Mental by Justice Serai provides readers with a look inside the mind of Lucy, a teen with schizophrenia. Her thoughts are confusing, shocking, scary, creepy and heart-breaking. I had to backtrack a few times because I didn’t understand what I was reading, but in hindsight, the confusion was necessary for authenticity. After all, the thought process of a schizophrenic surely isn’t always easy to follow. In addition to Lucy’s battle with mental illness, this story is also about how she falls for Julian, a young man with a disorder of his own to deal with. I really enjoyed this part of the storyline but felt that their relationship developed a bit fast, especially in light of the fact that they meet in a psychiatric facility. But despite the instalove, Lucy and Julian’s relationship is sweet and touching.
I was immediately hooked by the opening scene. Lucy’s parents are visiting her in the Norfolk Psychiatric Center, and her dad is screaming at one of the doctors. He wants to know why Lucy isn’t “fixed” yet even though they pay a lot of money for her treatment. Make no mistake, her father’s question made me cringe; however, I can understand how coping with a loved one who has a mental illness might lead to frustration and impatience. Throughout the book, Serai does a great job of continuing to show how Lucy’s disorder affects not only her but everyone around her.
I have seen mental illness up close, so this book stayed with me after I finished it. My heart ached for Lucy and those who live with disorders that must be managed rather than cured. But I also felt a sense of optimism, because Serai illustrated that it is possible to persevere when faced with a psychological disorder.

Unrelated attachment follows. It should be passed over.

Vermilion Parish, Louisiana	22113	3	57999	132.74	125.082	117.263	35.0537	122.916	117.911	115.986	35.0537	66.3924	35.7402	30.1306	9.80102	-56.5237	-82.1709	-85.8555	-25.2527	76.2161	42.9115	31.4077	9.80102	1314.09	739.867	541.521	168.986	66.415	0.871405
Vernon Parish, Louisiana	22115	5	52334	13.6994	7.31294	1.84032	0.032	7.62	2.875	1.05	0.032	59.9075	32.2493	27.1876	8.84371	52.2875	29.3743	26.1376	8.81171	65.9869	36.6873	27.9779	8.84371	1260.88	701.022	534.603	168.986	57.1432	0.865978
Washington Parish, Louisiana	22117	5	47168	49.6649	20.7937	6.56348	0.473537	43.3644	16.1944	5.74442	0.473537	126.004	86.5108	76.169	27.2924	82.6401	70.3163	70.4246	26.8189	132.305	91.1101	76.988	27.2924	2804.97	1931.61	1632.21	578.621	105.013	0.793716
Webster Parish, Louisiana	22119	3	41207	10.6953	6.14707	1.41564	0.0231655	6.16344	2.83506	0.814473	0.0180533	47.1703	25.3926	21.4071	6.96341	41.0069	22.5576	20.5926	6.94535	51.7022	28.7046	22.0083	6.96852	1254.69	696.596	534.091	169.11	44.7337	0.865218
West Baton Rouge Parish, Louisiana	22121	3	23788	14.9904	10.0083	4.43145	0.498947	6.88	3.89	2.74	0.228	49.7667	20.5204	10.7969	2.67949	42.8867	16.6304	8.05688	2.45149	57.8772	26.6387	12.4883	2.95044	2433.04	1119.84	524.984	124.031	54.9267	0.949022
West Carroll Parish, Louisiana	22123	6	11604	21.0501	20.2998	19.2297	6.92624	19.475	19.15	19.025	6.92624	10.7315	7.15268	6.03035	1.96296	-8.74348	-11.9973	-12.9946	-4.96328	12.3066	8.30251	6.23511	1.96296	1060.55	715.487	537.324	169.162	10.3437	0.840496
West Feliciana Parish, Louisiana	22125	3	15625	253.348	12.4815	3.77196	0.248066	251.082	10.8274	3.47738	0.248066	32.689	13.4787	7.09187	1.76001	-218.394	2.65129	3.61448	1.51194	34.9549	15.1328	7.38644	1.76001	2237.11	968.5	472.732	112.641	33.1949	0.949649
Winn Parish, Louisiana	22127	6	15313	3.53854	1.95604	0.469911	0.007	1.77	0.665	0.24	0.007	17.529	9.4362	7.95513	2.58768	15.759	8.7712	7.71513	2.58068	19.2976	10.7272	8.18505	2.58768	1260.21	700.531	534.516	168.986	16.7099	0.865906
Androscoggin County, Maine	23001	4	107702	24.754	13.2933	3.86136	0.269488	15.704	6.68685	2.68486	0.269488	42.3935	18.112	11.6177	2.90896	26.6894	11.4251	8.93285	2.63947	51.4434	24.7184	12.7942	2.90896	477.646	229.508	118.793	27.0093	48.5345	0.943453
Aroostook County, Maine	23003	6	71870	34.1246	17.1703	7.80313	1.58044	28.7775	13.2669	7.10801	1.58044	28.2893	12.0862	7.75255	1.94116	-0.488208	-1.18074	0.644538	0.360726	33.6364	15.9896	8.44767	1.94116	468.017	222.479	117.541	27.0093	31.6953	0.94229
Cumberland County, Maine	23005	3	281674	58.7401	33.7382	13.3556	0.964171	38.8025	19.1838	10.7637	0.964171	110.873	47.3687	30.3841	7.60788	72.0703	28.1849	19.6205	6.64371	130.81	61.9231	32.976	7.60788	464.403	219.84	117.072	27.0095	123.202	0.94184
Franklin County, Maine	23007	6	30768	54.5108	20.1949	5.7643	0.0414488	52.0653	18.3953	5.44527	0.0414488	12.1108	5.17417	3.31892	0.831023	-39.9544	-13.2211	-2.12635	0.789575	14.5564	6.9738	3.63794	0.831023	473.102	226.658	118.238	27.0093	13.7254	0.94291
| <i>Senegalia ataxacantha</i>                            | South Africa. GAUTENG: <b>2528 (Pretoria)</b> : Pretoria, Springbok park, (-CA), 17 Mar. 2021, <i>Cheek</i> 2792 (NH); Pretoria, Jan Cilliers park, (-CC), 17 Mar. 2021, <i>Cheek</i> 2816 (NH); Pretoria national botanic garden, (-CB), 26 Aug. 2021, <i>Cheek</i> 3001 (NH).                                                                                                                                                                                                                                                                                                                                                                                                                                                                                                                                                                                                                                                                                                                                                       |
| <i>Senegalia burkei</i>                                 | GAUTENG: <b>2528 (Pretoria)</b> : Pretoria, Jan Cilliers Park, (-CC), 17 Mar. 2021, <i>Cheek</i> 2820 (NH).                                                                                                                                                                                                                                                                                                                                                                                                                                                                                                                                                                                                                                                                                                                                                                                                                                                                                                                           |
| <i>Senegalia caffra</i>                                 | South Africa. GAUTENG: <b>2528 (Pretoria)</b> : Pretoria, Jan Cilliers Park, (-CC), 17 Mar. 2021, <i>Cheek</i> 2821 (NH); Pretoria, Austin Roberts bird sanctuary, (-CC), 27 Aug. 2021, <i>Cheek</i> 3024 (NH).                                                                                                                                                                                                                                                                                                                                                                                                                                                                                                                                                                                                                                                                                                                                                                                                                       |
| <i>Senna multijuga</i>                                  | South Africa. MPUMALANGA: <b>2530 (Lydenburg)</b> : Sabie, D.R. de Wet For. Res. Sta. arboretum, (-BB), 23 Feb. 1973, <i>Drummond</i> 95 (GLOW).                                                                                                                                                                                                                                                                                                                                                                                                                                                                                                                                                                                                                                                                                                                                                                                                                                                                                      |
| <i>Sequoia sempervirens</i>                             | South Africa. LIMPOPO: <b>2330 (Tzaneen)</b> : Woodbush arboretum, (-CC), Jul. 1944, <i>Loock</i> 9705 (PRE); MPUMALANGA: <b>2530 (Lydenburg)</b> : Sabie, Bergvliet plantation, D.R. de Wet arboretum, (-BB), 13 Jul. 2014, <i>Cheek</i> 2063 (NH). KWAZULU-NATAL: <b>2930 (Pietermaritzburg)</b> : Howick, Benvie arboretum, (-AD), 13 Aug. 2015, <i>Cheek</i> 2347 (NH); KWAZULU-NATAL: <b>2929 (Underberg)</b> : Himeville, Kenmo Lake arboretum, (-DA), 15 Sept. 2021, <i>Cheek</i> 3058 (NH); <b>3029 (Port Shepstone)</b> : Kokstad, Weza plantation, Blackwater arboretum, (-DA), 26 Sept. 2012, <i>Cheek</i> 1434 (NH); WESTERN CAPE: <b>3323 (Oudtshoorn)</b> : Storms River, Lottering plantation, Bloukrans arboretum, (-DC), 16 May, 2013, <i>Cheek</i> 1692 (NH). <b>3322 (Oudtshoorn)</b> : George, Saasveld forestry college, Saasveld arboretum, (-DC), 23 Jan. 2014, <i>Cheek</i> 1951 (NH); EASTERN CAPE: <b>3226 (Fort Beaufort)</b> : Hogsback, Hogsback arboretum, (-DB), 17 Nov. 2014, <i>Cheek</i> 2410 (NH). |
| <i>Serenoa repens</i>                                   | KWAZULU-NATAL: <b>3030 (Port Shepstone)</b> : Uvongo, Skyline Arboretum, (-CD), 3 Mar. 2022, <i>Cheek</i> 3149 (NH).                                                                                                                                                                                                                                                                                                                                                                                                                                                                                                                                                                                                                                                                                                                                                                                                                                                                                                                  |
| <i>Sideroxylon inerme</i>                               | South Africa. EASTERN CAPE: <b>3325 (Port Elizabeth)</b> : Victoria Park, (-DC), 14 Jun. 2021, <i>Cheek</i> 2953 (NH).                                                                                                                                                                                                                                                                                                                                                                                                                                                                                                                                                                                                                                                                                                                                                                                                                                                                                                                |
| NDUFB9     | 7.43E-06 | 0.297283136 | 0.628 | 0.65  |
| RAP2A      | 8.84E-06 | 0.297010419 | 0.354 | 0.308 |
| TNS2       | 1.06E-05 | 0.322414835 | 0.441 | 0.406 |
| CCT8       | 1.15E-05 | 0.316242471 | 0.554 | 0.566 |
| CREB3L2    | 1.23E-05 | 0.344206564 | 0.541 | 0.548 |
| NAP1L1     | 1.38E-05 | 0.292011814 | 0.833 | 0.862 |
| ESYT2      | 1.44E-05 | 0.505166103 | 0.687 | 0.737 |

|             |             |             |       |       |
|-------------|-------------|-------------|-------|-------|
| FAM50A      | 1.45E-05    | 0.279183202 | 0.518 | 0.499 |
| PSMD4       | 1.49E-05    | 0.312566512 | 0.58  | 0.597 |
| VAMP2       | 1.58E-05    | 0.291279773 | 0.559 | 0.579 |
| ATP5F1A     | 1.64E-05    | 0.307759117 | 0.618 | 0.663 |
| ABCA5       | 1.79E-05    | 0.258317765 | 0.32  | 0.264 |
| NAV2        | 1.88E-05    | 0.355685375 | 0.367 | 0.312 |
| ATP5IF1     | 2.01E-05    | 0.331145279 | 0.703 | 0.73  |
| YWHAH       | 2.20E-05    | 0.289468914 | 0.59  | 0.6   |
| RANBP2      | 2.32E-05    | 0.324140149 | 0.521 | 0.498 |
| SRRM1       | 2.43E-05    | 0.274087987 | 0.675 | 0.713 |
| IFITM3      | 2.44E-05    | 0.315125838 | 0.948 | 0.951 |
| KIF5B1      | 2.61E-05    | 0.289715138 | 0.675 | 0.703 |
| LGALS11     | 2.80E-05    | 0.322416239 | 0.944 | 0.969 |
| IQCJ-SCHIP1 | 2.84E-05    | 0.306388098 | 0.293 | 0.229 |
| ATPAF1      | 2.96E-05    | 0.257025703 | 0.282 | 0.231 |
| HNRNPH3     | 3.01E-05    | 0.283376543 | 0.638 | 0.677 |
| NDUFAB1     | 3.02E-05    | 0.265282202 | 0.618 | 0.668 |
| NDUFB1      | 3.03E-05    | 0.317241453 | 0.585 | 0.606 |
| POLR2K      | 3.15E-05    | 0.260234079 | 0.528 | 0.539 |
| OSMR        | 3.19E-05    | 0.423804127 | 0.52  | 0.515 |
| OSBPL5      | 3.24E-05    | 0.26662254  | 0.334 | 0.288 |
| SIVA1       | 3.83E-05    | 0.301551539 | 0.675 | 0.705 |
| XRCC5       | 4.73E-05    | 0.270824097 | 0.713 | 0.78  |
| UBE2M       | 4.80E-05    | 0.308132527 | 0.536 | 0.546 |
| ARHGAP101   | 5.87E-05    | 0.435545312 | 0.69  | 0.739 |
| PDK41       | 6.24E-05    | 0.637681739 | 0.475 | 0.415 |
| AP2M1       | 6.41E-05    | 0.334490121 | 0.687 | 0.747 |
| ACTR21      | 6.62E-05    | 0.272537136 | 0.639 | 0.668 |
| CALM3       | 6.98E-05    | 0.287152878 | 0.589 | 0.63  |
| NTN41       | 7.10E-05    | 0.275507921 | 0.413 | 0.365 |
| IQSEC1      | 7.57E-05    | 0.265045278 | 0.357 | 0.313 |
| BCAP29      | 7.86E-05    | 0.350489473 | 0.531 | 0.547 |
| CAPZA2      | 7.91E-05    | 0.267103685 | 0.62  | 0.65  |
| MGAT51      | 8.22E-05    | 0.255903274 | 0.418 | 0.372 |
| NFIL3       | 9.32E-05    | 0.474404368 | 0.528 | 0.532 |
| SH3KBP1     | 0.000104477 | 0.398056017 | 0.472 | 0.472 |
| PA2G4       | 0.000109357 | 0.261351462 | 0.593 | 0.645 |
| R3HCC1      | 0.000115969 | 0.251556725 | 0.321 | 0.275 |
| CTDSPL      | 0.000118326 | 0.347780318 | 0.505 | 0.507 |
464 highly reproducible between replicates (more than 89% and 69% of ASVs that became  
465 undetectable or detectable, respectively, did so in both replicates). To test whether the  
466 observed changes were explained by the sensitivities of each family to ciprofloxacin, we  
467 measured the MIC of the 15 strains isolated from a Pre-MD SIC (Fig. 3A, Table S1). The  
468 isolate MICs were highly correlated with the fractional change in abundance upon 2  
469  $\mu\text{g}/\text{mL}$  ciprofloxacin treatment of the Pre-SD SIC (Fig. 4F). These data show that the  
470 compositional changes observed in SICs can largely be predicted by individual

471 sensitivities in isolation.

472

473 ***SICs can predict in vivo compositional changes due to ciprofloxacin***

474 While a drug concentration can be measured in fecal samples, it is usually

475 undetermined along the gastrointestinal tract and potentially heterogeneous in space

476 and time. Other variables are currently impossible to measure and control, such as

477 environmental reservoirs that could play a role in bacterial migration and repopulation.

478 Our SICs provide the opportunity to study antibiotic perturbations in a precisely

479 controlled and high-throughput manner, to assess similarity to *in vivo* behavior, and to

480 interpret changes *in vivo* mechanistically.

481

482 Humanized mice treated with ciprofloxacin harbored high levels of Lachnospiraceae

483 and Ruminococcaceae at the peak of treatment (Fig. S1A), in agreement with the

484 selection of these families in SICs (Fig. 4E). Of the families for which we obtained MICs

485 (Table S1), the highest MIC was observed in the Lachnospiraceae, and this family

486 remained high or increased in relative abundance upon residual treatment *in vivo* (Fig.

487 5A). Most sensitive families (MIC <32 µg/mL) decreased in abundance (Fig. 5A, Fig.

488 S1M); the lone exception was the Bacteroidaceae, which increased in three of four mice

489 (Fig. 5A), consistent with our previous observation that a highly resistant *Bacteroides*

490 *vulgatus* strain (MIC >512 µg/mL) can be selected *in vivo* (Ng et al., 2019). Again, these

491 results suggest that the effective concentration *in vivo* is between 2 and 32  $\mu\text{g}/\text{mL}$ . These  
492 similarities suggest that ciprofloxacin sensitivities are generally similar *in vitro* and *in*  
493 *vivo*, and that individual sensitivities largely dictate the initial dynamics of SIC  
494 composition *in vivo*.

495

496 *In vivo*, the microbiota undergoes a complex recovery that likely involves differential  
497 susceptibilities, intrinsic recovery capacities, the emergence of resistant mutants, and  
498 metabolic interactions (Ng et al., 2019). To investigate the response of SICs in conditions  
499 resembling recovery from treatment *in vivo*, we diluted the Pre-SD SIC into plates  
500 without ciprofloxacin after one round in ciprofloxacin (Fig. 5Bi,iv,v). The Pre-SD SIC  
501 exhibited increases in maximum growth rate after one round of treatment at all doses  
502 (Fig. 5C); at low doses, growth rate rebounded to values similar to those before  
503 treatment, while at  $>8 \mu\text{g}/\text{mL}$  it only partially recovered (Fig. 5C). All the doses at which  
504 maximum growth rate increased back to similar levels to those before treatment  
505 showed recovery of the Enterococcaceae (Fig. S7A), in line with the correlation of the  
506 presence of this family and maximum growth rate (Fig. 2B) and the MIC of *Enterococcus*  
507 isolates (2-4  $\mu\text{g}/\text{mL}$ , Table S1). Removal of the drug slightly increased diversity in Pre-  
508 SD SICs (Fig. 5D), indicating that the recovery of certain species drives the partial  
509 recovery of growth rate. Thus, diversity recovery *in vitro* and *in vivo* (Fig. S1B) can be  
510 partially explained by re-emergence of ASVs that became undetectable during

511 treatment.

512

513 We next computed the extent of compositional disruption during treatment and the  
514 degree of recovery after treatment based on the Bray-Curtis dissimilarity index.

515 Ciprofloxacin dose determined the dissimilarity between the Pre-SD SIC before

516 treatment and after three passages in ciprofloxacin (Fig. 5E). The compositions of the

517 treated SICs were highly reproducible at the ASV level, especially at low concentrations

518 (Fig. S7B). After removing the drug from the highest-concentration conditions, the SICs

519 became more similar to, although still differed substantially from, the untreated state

When I read e-books, I like to highlight quotes so that I can share favorites when I write reviews. Never before have I highlighted so many quotes! This is a testament to Justice Serai’s ability to touch a person’s mind and soul with the beauty and depth of words.
More than a few of my favorite quotes from Mental:
“Recovery isn’t the same thing as a cure. It’s learning to manage your illness the best way possible.”
“Sometimes, the more fancy degrees a person has, the bigger their ego. Egos can’t listen. They can only talk.”
“But when you see suffering firsthand, when it’s in your face and you watch it, live it, breathe it, something changes you irreversibly. Some might call it cynicism, but to me, it’s more like opening your eyes for the first time. I think most people’s eyes aren’t attached to their brains. sometimes I wish I could go back to being that blind.”
“He holds my face in his hands gently, and I picture him cradling my heart in the same way.” (LOVE this one.)
“I don’t go crazy. I am crazy. I just go normal from time to time.” –Anonymous
“I stare at the wall. The pictures there make me shudder. They look haunting and unfamiliar. But I know they’re mine. They come from a place deep inside. A place buried by medication and logic. The untapped part of a human’s brain. Sane people can’t access it. Few can, but the beauty in the creation is hardly ever worth the pain.”
“Schizophrenia is only ever whispered about. It’s the seedy underbelly of mental illness. There’s commercials about depression and bipolar – women standing in front of lonely windows, looking sad and contemplative. There aren’t any commercials about how the homeless lady who talks to herself on the street corner is now married and in the banking business after taking whatever pharmaceuticals paid for the advertising slot.”
“He kisses me deeply – like he’s reaching inside and pulling out every piece of me and demanding I give it to him.”
Thank you to the author for providing me with a complimentary review copy via Xpresso Book Tours.